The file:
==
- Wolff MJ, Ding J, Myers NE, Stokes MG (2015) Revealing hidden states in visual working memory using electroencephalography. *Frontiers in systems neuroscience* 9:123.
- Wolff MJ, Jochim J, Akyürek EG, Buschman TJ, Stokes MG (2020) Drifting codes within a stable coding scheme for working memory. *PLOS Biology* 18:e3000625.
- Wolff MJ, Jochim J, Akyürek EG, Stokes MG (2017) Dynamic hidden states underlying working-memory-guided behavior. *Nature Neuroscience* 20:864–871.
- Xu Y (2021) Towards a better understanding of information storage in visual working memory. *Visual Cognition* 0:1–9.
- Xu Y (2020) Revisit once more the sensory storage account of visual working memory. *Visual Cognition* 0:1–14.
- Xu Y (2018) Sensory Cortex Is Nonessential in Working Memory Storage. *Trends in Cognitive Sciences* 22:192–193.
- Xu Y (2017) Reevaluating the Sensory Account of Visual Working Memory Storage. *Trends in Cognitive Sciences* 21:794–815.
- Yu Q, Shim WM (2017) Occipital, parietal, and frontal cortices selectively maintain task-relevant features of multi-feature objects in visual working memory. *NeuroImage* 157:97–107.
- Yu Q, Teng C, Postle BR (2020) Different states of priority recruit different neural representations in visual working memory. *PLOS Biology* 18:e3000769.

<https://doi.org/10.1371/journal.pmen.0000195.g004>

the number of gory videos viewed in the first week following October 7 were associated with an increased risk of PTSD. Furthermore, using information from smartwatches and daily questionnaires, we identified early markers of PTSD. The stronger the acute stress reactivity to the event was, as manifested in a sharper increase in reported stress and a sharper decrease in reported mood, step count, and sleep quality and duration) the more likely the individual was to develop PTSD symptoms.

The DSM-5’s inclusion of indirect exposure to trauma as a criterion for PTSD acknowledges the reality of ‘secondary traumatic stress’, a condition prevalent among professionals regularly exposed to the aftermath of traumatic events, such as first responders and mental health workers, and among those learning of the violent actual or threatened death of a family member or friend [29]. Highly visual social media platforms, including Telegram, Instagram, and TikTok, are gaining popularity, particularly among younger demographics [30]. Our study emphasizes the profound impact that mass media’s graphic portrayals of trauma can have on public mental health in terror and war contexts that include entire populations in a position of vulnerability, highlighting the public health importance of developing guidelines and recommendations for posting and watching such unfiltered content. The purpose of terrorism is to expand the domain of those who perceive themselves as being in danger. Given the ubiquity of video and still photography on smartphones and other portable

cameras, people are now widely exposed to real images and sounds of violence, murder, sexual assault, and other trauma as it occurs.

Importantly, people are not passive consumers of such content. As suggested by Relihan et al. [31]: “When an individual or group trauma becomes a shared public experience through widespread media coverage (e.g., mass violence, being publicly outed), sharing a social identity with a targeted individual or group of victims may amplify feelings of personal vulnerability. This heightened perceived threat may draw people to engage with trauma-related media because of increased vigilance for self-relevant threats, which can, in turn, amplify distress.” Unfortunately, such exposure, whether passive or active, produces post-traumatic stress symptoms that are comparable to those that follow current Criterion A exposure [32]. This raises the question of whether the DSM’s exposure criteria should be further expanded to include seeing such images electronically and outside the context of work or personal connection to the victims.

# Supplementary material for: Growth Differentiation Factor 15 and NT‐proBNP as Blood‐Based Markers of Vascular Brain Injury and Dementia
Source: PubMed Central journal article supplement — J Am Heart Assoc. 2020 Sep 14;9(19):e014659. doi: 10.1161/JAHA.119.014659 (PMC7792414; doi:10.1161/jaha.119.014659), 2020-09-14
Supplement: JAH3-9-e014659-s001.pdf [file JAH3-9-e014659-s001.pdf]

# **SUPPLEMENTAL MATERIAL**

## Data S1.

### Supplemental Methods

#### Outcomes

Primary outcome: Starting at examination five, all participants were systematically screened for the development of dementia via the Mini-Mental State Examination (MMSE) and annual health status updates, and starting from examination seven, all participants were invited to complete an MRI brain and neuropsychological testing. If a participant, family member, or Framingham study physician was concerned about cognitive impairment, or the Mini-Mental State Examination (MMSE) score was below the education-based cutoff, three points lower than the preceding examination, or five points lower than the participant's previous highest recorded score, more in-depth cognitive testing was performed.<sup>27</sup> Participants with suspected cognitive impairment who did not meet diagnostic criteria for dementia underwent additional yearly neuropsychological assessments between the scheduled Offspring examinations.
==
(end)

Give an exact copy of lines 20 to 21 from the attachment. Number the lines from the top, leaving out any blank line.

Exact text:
### Supplemental Methods

#### Outcomes